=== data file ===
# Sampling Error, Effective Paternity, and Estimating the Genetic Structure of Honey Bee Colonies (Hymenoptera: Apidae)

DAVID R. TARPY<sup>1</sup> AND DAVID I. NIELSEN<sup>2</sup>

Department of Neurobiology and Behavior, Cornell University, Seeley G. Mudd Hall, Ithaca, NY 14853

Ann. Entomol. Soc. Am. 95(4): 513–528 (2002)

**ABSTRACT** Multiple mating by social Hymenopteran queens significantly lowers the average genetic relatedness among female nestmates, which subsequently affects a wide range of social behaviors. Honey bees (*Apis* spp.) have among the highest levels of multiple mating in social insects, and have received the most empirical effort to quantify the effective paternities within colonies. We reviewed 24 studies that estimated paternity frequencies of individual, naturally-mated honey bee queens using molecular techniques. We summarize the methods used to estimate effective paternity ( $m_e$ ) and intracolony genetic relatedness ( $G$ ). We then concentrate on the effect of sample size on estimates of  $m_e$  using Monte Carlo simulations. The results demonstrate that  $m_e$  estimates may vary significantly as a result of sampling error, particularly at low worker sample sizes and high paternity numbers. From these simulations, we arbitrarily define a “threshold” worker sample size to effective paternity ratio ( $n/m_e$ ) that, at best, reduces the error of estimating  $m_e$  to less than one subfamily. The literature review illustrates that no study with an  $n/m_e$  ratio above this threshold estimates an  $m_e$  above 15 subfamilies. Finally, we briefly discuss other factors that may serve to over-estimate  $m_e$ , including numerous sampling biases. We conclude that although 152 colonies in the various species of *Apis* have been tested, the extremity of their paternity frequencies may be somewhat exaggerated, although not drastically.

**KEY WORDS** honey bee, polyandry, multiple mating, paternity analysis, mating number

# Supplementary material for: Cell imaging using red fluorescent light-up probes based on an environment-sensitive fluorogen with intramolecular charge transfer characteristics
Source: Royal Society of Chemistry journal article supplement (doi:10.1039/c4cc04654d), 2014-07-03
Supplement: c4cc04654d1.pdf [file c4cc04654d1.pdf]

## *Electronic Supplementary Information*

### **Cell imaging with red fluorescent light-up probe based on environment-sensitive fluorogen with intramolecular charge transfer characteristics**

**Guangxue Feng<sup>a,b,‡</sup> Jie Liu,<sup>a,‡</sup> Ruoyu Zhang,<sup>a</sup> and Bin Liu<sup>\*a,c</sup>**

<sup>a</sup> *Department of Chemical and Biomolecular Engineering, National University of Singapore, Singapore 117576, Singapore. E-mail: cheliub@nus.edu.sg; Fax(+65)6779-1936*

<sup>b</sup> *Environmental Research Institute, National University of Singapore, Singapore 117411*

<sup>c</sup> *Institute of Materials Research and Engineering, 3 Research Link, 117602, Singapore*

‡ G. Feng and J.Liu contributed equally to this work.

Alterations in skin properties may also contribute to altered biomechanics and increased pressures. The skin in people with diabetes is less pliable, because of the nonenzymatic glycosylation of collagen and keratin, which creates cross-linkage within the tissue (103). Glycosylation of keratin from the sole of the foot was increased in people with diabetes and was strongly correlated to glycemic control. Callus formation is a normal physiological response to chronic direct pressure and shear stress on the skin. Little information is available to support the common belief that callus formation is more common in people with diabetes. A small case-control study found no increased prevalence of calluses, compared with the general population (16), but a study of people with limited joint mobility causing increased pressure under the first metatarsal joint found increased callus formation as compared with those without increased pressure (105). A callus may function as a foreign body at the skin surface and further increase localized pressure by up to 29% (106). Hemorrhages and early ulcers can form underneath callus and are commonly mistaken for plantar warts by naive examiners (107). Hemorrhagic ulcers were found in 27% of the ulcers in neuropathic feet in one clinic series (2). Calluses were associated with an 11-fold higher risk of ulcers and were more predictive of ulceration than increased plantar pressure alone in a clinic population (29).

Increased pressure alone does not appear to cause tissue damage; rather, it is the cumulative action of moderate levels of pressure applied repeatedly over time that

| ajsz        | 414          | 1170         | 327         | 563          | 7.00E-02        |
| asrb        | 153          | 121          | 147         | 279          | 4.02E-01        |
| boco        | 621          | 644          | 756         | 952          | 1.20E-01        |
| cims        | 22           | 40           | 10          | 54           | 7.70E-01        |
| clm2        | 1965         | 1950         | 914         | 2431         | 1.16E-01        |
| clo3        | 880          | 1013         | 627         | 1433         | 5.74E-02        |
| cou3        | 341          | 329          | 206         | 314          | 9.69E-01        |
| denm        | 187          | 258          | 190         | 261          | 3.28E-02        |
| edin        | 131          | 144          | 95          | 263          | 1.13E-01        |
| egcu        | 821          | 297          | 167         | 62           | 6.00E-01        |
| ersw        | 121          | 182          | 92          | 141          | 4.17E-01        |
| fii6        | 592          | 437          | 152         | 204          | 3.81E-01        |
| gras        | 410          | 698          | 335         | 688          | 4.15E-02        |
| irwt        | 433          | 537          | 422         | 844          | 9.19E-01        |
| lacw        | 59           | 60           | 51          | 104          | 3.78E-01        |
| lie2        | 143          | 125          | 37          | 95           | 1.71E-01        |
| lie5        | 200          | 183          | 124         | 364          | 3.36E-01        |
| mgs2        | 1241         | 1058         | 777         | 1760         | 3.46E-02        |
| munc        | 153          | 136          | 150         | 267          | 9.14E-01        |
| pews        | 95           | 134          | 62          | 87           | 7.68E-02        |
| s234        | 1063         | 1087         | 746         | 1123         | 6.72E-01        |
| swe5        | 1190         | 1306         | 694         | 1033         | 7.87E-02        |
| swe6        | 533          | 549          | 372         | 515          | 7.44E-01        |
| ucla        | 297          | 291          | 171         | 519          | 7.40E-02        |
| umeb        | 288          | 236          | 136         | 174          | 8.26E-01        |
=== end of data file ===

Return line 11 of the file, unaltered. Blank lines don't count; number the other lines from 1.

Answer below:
### **Cell imaging with red fluorescent light-up probe based on environment-sensitive fluorogen with intramolecular charge transfer characteristics**